1979 Buick Road Hawk

1979 Buick Road Hawk

1979 Buick Road Hawk

Buick got a bit carried away with the idea that graphics were the key that would remake their image. For example, consider the Road Hawk. It had a “Free Spirit” hawk on each wheel center, one on each side of the car, one on the hood and another on the deck, one on each B-pillar molding, one in the center of the steering wheel, one embroidered on each seat, one in the center of the grill, and finally one on the emblem in the center of the rear end panel between the taillights. That’s 17 too many. Not only that, but there was a quarter panel overlay that extended and wrapped over the hatch to form a deck wing, and a special front spoiler. All topped with two-tone graphics. You have to understand that the studio really couldn’t take the car seriously. The Skyhawk was really a Chevy Monza with Buick badging, and our task was to make it look like a Buick. A sporty appearance was all that could be hoped for. At the time the typical Buick buyer was an aging market and Buick was hopeful that cars like the Skyhawk would help lure younger buyers into showrooms. I think Don Johnson was burdened with the task of jazzing up the Skyhawk. By the way, the H-body had a really big transmission tunnel that took up a lot of room in the interior. The reason? The H-body platform was designed around GM’s rotary Wankel engine that was eventually scrapped, but not until it was too late to change the structure of the H-body.


1986 Buick Riveria

1986 Buick Riveria
That reminds me of another story. We were working on the new downsized E-body, the Riviera. That is a very important car to GM—a money-maker. At the same time, Oldsmobile was developing the Toronado, and Cadillac the Eldorado, all sharing the same platform. It was getting late in the program, and the doors were already released. It dawned on GM management that the new E-bodies were not very dimensionally different from the new N-bodies that were also being completely redesigned. They even looked similar. Problem is, they cost way less. So it was decided to make them wider to make them different looking from the cheaper car line, and to accommodate Cadillac who decided that they wanted to be able to have a V-8. Buick and Olds both would use Buick’s 3800 V-6. We literally added 160–200mm right down the center of the car. (My memory is a bit fuzzy on this; we may have widened it twice. Once to make it look different, and the second time so Cadillac could stuff a V-8 into the thing for a total of about 160–200 mm.) The problem with adding that much width right down the center is that the doors were already designed and released, so they couldn’t be changed. It’s OK to make a car wider, but the tumblehome (front view inward slope of the side glass) needs to be increased so the roof doesn’t look too wide. Well, they couldn’t change the tumblehome, so the cars went into production with a really wide roof. Too wide.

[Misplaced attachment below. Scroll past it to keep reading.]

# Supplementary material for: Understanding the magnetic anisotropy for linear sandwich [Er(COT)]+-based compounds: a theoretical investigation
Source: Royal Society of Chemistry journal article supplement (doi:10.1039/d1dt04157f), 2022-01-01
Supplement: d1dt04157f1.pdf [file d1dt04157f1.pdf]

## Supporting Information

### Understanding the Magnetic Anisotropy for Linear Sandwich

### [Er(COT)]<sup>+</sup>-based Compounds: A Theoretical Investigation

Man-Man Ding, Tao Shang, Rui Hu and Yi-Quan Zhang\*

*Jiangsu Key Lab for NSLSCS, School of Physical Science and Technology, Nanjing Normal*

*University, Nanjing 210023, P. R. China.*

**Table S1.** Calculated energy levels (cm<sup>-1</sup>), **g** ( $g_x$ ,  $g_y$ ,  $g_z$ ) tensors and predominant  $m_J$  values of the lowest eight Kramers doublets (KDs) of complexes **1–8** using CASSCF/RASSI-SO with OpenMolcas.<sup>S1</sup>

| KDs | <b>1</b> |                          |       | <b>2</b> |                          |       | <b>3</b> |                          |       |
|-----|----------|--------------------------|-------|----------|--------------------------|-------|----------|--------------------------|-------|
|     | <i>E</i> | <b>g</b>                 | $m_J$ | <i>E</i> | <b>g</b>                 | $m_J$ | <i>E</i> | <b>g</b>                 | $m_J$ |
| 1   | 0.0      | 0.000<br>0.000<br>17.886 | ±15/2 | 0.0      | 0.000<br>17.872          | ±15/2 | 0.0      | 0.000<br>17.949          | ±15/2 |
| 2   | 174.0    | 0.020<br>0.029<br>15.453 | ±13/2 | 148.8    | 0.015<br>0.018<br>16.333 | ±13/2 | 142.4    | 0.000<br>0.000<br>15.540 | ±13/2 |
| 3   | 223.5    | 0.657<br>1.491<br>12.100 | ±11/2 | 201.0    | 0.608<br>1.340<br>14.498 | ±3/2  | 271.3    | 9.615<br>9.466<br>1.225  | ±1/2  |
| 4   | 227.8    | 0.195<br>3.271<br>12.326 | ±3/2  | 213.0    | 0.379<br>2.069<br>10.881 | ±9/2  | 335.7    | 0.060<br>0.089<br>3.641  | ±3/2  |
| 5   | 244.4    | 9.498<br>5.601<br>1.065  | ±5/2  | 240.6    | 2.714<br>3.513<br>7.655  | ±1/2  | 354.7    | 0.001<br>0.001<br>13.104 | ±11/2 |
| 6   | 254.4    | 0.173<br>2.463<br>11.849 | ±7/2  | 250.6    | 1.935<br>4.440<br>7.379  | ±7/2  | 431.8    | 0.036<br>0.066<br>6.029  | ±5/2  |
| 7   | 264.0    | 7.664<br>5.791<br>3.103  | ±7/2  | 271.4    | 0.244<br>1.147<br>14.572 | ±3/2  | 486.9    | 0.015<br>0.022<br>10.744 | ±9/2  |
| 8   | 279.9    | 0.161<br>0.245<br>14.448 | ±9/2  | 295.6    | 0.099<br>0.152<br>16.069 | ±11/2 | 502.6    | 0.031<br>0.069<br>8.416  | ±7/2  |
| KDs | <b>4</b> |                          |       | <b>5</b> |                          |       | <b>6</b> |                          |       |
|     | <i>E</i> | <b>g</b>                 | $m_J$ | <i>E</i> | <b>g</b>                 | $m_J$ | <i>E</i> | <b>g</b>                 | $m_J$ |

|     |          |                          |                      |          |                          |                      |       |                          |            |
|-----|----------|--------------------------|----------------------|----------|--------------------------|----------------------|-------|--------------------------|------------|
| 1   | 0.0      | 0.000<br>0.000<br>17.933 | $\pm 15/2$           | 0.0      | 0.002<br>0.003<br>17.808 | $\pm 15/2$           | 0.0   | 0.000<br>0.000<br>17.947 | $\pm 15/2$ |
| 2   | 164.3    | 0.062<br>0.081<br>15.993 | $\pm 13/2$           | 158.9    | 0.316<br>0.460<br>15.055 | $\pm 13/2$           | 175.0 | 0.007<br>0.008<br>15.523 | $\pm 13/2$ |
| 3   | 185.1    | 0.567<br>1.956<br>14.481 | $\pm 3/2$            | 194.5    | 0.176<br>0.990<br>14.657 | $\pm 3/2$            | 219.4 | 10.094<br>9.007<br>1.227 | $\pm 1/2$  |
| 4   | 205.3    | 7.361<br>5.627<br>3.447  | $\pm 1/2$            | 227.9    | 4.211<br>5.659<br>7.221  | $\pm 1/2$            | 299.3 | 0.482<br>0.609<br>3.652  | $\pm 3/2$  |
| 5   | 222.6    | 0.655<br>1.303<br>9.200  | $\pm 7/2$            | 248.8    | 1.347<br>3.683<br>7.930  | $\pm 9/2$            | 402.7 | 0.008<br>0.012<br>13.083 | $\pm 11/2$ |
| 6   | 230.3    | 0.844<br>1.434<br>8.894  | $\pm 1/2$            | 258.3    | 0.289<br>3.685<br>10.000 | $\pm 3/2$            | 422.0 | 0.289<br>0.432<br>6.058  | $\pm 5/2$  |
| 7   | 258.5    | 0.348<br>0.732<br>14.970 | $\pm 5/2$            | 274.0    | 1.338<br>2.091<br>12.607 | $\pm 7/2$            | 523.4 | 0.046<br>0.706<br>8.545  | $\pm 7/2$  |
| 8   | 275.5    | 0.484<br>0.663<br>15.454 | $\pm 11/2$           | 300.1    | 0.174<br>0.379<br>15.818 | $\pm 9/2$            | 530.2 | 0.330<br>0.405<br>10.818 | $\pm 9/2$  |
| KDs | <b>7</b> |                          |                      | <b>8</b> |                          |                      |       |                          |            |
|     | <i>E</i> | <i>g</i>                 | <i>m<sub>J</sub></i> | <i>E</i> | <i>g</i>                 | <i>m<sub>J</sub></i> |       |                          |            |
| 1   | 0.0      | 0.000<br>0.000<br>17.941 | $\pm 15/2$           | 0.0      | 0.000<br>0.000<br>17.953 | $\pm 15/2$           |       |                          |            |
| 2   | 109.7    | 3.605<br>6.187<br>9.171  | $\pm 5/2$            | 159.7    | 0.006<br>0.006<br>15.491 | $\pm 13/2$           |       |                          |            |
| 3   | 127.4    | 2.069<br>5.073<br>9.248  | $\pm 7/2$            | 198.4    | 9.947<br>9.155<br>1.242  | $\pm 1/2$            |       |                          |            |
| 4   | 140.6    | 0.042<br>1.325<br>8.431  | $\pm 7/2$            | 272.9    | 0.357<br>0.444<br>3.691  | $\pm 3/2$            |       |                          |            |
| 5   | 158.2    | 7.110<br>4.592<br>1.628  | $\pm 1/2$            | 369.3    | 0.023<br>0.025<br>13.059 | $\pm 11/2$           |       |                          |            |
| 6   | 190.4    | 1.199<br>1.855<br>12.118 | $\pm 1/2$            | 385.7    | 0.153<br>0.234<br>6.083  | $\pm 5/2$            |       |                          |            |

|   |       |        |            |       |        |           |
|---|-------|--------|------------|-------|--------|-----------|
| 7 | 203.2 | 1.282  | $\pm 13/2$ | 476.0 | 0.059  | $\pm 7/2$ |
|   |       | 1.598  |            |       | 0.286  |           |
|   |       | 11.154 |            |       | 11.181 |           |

1. Brian Jackson

    Gary, actually the 1975 GM H body was the only year to have the larger transmission tunnel for the Wankel engine. At least for the Buick H body only the Buick V6 engine was used (except for one 1977 made with the Buick 350 V8). A friend of mine has a great site on the RoadHawk if you are interested http://monza.homestead.com/roadhawk.html

    It would be great for us to find more information on these cars if possible. Sorry to read that the studio really couldn’t take the car seriously. Those years were tuff for a lot of car manufacturers. Not to mention the econo models like the H body. Everyone seems to remember them though.

    This is from Bryan’s site ( The Road Hawk apparently began life as Buick’s attempt to get its H-Body platform into the NASCAR circuit. Unfortunately, NASCAR deemed the H-Body unable to handle the speeds required of NASCAR vehicles and the H-Body never saw the tar of a NASCAR track. Obviously NASCAR was thoroughly unaware of or were blind to the fact that the IMSA Monza (Chevrolet’s H-Body platform, which, other than a few cosmetics details, is the same car as the Skyhawk) was literally dominating the GT Camel series all over the U.S. in the late 1970’s. NASCAR rejected the Road Hawk and went the route of the GM F-Body instead.)

    Bryan has done a lot of research on the RoadHawk, we know for 1980 only 292 were made. We haven’t found the 1979 production numbers yet. Both of us are always looking for more information so if anyone can help us out that would be great. Brian Jackson brjackson@spitfire.net brian.jackson@subaru-sia.com

  2. Actually take away 4 of those hawks and you’d be correct, lol. None on the hood or rear deck lid (that was Nighthawk and Designer’s Accent Edition) and none on B-pillar, unless you ordered the Targa Band and/or Astroroof.

    As for the large tunnel, not only just 1975 but just the ’75 2+2 Sport Hatchbacks, the Towne Coupes got the reworked smaller tunnel which ran thru the rest of the H-Body production run.

    I guess everyone has their own opinions, as I happen to love the Road Hawk and have one awaiting a restoration (as well as a finished Monza Spyder, so I guess that makes me a bit biased towards the H-Body).

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